filters -- you can easily color code and label incoming emails with a few simple rules so that your inbox isn't a cluttered mess. Unfortunately, however, if you're a Gmail user, you were only able to create and edit those filters on the web and not on the Android app, which seems like a weird oversight. It's even more embarrassing, then, that Google rival Yahoo has just introduced this feature into its own Android app. Yep, as of today, Yahoo Mail for Android will let you create, update and remove filters. Simply tap the option at the bottom of the sidebar and you'll be guided through setting one up -- as usual, you can filter emails by sender, recipient or its content. Of course, you'll have to be a Yahoo Mail user to take advantage of all this in the first place; hopefully this will light a fire under the folks at Mountain View to add this much-needed feature so Gmail users won't feel left out. If you do use Yahoo Mail on Android, however, go on and download the latest update so that you can get to reaching Inbox Zero that much faster.
Saturday, 30 August 2014
Friday, 27 June 2014
We all thought Android 4.4 KitKat was a major change when it came out late last year, but the still unnamed L release of Android puts that to shame. Despite not telling us the codename (Lollipop?) or the version number (5.0?), Google demoed an updated UI called Material and a plethora of new features. You won’t be able to get your hands on the final version of L until this fall, but is going to have its work cut out for it competing with the new Android, even after its lauded iOS 8 announcement. Here’s how Android is evolving and what that means for the iOS vs. Android matchup coming later this year.
Microsoft and Metro — and it’s a radical departure from Android of the past. It adopts the color palette from Google Now with blues, muted greens, and red, but white is still the dominant color. It provides a more lively tapestry on which to paint the updated Android interface.is the name of Google’s new interface guidelines — much like
Android is still adhering to flat design, which is the trend, but it’s layered flatness. Google describes this as a take on stacks of paper, but a digital paper that can shift and morph into different shapes. The new SDK will allow developers to describe the way UI elements are layered (an elevation value), which can be used to render parts of an app as if they are floating just above another. Android L renders subtle shadows on the edges that give a feeling of depth without cluttering the screen. Every little change in the new Android UI also comes with some sort of animation, even if it’s fast. Ideally, there won’t be any more hard transitions.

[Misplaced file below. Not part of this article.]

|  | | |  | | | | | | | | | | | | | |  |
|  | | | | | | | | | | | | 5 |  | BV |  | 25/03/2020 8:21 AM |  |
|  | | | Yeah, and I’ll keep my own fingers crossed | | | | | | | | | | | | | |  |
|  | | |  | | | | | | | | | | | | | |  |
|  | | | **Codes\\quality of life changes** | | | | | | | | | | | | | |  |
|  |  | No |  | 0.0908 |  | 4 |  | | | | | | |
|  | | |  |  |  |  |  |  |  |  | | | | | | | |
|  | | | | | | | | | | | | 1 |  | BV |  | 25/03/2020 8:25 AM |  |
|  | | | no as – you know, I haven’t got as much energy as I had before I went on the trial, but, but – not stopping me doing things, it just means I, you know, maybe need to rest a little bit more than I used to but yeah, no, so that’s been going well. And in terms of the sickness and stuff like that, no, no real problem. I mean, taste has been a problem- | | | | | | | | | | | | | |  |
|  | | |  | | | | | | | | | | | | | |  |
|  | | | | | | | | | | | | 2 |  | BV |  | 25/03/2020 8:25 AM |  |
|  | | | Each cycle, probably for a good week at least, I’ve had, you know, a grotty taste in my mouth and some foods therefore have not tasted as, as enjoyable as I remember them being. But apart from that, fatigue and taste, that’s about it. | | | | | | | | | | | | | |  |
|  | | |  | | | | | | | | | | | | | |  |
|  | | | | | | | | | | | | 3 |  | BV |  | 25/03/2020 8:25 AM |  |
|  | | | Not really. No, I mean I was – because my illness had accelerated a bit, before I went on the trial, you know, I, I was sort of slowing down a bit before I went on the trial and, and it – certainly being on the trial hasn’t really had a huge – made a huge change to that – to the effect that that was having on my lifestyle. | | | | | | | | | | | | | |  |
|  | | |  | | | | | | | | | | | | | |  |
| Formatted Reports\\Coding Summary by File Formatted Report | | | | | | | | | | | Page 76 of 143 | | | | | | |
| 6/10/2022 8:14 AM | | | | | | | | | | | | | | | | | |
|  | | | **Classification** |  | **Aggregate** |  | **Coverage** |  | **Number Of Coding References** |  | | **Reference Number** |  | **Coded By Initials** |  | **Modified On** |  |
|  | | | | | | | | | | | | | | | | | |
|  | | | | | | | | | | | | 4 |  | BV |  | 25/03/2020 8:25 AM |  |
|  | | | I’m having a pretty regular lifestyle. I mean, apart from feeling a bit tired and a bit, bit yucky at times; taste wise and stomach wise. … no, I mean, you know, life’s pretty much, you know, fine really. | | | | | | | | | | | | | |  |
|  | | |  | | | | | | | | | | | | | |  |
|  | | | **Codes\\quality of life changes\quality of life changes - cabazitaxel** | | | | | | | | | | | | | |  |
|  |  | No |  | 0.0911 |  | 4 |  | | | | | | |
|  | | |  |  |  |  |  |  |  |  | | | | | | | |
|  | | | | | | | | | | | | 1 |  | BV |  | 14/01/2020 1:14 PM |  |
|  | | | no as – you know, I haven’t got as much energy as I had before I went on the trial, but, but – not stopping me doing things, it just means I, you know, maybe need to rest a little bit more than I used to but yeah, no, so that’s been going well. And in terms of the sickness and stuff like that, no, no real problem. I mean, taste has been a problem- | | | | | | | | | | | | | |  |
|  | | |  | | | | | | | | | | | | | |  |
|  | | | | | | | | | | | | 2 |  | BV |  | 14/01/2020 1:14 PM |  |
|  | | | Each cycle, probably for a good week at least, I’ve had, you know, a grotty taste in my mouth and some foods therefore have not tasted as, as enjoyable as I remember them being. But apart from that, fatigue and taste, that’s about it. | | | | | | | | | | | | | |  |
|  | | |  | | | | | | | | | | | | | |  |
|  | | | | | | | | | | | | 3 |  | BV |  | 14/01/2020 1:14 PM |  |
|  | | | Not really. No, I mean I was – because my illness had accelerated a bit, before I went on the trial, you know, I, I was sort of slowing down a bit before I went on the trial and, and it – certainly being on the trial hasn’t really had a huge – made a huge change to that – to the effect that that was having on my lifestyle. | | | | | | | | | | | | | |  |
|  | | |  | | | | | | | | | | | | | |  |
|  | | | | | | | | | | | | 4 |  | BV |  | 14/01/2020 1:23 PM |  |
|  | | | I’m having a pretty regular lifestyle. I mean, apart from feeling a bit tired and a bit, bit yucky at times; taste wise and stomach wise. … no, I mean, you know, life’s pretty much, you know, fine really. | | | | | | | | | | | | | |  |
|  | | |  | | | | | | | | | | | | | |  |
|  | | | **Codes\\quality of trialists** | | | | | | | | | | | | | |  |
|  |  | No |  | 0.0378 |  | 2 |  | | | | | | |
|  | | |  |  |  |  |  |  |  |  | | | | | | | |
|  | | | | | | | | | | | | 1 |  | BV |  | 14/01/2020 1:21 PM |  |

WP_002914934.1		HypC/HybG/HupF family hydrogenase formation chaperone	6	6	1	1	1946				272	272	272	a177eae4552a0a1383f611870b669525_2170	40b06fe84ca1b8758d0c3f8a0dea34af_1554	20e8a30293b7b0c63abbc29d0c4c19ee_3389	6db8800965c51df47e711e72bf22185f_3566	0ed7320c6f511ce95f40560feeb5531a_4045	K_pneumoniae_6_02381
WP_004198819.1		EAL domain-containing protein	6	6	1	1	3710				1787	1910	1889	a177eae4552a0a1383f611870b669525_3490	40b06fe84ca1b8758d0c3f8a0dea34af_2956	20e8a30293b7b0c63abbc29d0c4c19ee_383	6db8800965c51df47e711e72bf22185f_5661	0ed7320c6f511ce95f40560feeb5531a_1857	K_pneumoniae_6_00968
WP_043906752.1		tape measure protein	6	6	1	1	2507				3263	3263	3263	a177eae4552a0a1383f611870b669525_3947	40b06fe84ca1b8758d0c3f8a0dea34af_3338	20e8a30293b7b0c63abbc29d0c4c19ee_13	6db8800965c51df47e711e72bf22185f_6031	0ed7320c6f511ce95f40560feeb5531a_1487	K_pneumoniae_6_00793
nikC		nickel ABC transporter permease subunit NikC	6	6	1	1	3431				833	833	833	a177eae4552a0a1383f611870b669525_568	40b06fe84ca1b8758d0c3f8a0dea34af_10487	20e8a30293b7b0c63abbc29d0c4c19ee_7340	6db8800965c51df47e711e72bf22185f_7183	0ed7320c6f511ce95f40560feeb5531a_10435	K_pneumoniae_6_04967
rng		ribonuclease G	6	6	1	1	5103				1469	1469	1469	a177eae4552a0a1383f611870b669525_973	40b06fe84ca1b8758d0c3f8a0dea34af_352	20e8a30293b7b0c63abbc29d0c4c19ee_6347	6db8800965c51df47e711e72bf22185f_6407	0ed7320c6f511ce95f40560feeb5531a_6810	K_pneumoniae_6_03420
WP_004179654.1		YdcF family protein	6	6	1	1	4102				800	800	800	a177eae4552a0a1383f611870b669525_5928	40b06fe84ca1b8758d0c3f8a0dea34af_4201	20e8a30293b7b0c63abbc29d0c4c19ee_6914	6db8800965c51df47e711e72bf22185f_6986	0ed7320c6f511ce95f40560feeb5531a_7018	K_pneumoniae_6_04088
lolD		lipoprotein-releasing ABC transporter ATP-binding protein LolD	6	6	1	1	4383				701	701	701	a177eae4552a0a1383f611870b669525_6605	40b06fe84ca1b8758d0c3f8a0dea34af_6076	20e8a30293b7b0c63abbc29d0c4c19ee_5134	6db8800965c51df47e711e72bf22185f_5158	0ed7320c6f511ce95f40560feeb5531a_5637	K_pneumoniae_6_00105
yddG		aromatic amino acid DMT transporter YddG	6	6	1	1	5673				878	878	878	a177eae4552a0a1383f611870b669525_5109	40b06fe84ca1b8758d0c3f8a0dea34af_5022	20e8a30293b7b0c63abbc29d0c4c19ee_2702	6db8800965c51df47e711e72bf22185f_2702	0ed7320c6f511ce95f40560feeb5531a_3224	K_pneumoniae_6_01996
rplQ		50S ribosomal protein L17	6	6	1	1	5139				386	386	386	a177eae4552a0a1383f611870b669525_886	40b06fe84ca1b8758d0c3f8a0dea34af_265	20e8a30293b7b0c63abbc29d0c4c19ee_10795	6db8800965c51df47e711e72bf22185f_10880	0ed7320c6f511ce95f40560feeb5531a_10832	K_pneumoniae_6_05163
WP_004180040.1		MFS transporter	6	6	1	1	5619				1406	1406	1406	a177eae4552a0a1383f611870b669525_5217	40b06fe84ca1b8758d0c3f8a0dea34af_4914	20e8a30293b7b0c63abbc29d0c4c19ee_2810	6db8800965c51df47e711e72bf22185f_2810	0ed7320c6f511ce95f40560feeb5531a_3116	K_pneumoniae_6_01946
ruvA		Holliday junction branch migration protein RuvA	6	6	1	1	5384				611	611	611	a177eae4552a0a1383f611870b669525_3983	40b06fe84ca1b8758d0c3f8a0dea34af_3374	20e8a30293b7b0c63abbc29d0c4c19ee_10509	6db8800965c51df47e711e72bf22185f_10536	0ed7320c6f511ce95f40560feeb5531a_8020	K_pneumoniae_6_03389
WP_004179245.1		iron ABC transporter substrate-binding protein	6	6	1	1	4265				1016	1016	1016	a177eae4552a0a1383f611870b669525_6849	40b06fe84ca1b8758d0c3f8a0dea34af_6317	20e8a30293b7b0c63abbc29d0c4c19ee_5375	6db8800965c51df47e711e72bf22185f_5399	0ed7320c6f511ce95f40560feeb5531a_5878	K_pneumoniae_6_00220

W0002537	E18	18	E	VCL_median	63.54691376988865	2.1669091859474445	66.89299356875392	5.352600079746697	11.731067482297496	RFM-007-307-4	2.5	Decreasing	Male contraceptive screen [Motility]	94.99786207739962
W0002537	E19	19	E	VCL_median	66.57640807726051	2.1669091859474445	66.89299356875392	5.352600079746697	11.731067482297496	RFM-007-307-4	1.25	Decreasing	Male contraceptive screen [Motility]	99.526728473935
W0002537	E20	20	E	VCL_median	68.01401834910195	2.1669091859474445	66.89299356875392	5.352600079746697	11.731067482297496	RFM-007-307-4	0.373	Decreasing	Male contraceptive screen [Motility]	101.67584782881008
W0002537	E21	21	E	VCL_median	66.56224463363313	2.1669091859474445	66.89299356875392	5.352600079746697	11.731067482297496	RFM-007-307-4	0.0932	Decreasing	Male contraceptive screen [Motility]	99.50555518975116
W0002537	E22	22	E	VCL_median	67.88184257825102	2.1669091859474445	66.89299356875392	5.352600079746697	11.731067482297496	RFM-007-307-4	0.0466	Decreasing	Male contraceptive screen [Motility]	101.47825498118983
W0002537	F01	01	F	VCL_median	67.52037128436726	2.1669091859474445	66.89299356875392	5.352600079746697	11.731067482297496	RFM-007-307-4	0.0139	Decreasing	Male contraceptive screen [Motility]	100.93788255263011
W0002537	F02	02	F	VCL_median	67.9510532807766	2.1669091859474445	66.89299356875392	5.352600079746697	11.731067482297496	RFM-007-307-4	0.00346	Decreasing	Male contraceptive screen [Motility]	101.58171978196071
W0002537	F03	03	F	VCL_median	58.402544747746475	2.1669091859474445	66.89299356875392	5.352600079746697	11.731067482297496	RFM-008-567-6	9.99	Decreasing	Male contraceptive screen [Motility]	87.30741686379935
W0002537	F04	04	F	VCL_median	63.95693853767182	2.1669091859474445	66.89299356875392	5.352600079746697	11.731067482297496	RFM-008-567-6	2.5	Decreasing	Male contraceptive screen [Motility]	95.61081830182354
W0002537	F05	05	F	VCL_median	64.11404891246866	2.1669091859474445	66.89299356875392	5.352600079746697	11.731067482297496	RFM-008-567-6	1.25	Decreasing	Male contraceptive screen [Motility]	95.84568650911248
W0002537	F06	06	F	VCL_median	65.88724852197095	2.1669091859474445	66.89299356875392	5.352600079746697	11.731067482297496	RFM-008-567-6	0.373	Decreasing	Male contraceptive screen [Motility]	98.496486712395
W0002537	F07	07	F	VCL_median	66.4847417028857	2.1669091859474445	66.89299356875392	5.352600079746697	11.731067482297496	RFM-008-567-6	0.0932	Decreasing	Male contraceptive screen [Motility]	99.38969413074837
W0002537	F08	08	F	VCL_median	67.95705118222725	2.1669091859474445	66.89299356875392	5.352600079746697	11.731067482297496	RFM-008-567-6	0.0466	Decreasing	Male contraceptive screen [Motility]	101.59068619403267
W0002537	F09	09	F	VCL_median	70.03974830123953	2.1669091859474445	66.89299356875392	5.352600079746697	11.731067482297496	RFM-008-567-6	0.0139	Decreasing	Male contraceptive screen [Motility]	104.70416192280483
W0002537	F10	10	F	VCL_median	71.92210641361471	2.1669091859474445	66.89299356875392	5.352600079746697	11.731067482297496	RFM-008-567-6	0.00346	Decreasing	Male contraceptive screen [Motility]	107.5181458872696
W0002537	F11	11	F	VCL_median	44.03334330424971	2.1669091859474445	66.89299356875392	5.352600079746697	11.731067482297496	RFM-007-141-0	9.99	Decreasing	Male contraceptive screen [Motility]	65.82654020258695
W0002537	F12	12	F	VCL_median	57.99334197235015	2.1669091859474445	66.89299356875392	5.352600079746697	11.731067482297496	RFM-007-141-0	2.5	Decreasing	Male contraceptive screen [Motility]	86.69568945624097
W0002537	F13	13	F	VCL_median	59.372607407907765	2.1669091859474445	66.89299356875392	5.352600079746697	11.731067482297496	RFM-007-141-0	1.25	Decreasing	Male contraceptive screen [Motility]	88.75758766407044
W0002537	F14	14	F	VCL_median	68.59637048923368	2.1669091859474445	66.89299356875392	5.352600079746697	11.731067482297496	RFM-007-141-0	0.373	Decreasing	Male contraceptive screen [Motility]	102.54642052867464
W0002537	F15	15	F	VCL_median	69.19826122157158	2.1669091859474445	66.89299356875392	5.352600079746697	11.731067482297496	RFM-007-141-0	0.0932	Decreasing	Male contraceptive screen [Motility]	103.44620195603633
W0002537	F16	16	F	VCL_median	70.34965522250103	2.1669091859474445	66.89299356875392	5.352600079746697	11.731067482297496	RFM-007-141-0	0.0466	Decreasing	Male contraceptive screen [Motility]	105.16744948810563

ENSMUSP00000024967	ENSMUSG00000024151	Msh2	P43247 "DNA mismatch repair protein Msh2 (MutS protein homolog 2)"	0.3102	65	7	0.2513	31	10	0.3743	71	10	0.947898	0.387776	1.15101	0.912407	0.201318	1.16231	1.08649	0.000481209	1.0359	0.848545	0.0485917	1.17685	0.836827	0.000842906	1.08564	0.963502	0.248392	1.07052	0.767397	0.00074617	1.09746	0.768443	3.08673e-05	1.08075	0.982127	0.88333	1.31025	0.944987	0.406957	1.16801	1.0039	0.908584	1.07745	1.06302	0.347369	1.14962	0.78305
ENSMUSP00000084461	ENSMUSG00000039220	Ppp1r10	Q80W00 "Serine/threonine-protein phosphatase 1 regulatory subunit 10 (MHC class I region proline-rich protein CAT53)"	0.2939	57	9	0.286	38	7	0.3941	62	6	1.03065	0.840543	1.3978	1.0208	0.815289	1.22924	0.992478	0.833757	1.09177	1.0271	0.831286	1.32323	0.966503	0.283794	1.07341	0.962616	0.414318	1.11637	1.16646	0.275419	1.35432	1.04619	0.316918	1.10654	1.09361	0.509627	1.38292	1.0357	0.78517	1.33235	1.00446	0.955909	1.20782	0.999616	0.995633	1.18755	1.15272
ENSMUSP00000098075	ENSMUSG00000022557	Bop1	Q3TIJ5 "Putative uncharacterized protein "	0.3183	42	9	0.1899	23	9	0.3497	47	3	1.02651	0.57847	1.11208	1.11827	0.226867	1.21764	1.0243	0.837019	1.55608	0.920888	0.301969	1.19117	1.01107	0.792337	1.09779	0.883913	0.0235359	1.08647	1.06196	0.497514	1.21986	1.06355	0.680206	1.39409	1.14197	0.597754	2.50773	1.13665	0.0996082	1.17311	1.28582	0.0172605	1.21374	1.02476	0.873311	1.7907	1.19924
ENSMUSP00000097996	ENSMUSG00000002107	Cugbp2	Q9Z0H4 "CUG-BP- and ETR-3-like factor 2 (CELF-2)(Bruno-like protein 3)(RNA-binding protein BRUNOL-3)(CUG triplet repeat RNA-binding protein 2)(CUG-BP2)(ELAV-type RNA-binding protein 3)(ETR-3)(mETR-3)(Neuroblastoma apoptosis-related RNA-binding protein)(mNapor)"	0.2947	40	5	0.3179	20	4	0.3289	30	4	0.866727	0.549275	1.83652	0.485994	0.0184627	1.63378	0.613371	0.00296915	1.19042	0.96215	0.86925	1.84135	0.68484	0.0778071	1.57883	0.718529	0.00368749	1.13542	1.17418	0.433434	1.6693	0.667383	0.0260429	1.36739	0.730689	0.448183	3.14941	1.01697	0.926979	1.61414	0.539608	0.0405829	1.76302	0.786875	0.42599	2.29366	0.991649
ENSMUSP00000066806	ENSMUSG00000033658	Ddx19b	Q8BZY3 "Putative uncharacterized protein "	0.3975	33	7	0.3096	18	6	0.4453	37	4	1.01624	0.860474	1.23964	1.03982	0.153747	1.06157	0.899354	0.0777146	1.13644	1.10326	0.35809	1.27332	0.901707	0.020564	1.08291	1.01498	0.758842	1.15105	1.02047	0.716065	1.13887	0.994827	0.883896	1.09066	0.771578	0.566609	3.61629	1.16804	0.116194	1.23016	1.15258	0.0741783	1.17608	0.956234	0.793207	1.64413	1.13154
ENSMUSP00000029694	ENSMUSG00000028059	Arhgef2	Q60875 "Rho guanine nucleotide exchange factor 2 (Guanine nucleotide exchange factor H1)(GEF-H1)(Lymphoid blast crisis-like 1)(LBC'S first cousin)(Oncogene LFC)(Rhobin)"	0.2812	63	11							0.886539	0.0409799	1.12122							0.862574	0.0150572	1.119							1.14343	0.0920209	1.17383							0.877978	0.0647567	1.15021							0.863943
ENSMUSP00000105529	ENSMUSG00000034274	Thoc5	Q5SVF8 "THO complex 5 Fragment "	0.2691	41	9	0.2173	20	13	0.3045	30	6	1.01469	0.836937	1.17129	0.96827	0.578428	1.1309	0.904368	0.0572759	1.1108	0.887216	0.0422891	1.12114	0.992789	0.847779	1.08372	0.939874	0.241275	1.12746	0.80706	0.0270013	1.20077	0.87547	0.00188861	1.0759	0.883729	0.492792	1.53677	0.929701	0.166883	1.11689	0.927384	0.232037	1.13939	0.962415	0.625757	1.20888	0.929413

How does this compare to Apple? Cupertino has taken a lot of heat for its iOS 7 redesign, but it’s slowly winning people over. iOS 8 continues the trend of flat design with the transparent glass effect. Design is a pretty subjective thing, but you have to admit Google is doing some very interesting things with Material Design.
Apple made a big fuss about the new Metal graphics API included in iOS 8, which will allow developers to design games that run considerably faster. The Swift programming language was also rolled out for iOS devs to create more streamlined apps. It all adds up to faster apps. Android response? A new runtime and the Android Extension Pack (AEP).
Google developed the AEP in partnership with Nvidia. It was demoed on the Nvidia Tegra K1 at I/O, but it should run on all ARM chips. AEP is a collection of extensions for OpenGL ES that adds features like tessellation and compute shaders that close the gap betweengraphics and DirectX 11 on PCs. Google didn’t list any performance numbers, but Mountain View has another trick up its sleeve in this department.
Android L is the end of the line for Dalvik, the virtual machine in Android that compiles Java from apps into native code. Dalvik is what’s called a “just in time” compiler — you run an app, and it compiles the code as you go. The replacement for Dalvik was included in KitKat as a beta feature — the Android Runtime or ART. A device using ART compiles Java into native code upon installation and caches it, which makes all apps and games faster, piping the bits right to the hardware. Apple’s famous responsiveness advantage might be going away.
In all these years, Google has neglected to create a basicmode for Android. A number of OEMs have done it on their own, like Samsung with its Ultra Power Saver Mode on the Galaxy S5. However, Android L is going to have Project Volta. This is a major change to the way Android manages battery life.
Project Volta will include an easy-to-use setting that users can flip on to down-clock the CPU, disable background data, and tweak other settings to save power. Google claims this feature can add another 90 minutes of life to a Nexus 5, which lasts about a day as it currently stands. That’s not a huge difference, and Apple has always been able to tout its superior battery life thanks to a more restricted app model.